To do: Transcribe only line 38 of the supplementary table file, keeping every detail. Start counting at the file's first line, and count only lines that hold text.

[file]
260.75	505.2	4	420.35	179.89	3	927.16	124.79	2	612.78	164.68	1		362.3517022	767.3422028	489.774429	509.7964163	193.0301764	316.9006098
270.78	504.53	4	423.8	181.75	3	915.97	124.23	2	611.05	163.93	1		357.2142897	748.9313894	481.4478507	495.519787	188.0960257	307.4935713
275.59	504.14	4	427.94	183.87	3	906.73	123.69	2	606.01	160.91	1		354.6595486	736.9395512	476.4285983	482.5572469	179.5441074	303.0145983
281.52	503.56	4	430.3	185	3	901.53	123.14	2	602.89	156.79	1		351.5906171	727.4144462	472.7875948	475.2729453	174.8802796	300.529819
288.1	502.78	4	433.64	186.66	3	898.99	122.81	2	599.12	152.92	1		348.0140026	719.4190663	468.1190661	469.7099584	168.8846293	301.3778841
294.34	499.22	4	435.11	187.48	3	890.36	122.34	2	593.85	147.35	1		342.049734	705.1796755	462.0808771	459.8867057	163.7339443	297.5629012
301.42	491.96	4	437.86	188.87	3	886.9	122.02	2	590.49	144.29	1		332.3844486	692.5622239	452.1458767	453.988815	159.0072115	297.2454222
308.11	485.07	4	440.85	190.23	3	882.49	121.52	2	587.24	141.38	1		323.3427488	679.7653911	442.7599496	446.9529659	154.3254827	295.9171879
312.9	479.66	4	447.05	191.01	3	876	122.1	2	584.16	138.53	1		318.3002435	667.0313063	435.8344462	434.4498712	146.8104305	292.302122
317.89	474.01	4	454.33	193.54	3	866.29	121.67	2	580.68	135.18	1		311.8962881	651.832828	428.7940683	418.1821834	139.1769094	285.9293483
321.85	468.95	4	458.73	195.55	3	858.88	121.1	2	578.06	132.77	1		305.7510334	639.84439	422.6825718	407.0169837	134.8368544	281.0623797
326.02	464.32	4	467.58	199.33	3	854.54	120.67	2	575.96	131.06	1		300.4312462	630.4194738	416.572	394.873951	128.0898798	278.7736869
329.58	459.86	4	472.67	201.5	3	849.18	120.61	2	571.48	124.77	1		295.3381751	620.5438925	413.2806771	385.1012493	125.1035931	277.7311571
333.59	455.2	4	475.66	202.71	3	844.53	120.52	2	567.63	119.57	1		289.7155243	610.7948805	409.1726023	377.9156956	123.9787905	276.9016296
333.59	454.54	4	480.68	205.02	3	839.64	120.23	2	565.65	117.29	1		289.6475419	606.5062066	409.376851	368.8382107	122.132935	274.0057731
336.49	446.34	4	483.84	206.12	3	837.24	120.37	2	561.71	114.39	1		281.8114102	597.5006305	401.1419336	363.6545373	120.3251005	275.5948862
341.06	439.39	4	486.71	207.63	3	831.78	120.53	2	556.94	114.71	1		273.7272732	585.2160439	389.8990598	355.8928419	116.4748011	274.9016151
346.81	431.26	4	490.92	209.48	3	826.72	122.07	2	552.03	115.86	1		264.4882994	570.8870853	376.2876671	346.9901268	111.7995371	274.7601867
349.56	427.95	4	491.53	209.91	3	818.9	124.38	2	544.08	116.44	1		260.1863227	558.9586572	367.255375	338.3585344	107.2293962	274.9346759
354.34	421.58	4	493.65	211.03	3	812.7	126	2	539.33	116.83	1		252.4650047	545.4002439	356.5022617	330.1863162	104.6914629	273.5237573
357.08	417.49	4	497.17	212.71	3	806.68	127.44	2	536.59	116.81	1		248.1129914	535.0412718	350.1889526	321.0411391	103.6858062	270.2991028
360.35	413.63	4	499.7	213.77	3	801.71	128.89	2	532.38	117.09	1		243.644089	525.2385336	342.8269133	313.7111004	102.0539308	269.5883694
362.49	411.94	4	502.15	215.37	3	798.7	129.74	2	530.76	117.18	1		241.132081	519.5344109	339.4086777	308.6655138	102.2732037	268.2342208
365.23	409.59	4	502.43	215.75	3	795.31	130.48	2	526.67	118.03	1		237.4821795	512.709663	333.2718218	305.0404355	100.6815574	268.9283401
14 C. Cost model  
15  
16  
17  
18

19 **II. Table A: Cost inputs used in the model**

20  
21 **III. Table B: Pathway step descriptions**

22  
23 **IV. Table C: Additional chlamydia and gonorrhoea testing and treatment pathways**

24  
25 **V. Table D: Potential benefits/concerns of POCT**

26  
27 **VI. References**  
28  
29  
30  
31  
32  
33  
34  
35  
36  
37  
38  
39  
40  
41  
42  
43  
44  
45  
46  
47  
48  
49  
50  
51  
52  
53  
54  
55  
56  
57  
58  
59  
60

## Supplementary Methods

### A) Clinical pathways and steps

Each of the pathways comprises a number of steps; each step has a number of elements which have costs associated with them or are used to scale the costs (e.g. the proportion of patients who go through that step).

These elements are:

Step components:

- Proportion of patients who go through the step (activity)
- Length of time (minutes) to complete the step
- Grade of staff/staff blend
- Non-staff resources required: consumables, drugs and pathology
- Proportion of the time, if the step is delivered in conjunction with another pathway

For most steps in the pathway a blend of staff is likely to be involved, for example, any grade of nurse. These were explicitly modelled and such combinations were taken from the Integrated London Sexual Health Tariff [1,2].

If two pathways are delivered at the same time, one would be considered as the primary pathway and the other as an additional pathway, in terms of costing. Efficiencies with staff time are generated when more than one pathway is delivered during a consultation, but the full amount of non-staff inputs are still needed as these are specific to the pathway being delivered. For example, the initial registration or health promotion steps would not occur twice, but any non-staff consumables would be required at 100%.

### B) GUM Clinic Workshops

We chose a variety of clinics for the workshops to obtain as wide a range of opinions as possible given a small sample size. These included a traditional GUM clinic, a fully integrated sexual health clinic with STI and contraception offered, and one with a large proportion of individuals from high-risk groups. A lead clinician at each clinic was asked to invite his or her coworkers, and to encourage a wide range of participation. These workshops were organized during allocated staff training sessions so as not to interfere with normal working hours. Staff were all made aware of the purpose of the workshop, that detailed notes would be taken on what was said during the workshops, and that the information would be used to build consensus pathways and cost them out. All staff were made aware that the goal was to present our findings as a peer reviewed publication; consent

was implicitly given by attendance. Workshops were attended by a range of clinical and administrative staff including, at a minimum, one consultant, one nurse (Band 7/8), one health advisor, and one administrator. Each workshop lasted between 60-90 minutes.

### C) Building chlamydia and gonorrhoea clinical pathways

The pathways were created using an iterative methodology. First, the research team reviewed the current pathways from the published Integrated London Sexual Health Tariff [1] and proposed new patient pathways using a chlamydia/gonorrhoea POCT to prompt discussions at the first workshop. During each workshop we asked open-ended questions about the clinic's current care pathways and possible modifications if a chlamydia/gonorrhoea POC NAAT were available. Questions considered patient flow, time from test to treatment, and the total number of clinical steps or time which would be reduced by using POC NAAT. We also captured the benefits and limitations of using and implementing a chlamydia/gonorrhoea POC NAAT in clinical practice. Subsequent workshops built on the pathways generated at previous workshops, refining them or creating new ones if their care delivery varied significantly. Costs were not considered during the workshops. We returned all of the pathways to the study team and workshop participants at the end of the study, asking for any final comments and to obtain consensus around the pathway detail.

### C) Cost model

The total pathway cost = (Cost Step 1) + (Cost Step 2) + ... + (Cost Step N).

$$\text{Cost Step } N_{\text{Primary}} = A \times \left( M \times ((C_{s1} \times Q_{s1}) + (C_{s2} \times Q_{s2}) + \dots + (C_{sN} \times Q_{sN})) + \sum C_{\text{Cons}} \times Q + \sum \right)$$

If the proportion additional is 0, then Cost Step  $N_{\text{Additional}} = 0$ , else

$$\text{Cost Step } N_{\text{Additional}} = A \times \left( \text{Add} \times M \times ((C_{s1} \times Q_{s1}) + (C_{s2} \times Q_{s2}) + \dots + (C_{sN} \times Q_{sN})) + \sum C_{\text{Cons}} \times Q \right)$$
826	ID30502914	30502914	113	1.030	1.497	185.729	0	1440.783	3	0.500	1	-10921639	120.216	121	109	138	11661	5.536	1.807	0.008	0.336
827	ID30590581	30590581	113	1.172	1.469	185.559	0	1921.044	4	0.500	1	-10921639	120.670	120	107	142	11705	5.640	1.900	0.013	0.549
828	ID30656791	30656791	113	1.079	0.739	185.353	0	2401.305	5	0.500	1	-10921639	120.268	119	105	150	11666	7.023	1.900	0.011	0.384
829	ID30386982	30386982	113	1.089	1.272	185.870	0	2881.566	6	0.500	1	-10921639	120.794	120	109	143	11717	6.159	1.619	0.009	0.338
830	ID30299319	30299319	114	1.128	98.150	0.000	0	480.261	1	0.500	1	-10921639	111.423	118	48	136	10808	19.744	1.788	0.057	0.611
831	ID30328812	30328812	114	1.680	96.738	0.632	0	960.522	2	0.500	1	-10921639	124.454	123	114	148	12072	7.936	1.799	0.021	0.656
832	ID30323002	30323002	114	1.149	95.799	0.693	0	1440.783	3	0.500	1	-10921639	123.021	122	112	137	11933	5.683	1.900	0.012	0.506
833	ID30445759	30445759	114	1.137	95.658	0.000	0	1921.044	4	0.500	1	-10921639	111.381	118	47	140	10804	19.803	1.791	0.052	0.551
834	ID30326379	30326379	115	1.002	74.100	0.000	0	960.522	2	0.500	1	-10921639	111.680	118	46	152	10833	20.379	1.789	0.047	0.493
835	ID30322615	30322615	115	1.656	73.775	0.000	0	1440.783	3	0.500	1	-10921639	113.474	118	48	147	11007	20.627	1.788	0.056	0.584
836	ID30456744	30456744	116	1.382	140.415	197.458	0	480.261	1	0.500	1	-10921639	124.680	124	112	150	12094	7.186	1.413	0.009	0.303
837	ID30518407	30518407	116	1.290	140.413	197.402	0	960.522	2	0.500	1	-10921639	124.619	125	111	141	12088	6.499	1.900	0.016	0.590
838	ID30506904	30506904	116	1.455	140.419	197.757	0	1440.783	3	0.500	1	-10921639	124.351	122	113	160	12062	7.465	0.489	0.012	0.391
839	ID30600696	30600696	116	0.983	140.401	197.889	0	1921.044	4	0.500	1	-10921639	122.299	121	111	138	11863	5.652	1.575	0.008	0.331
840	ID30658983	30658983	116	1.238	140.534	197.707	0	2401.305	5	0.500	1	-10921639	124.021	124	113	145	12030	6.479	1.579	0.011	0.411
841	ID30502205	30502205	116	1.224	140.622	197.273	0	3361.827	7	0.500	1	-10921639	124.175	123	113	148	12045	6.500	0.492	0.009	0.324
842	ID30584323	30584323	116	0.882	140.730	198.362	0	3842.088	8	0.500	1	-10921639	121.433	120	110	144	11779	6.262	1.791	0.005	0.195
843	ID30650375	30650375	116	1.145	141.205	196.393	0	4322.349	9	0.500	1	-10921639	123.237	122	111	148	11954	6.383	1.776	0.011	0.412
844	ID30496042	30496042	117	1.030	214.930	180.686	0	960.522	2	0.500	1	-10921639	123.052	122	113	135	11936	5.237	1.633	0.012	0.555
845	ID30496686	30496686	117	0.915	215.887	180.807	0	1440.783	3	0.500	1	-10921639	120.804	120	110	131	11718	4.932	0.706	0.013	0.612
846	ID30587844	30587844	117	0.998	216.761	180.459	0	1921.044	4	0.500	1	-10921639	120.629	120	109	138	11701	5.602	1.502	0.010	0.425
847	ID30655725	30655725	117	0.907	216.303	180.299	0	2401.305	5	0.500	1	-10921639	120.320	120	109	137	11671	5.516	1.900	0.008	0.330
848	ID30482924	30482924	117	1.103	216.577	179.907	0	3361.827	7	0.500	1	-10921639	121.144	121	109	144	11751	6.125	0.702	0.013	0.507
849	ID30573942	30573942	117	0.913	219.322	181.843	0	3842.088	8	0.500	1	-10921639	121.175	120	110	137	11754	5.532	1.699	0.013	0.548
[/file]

27 **VI. References**  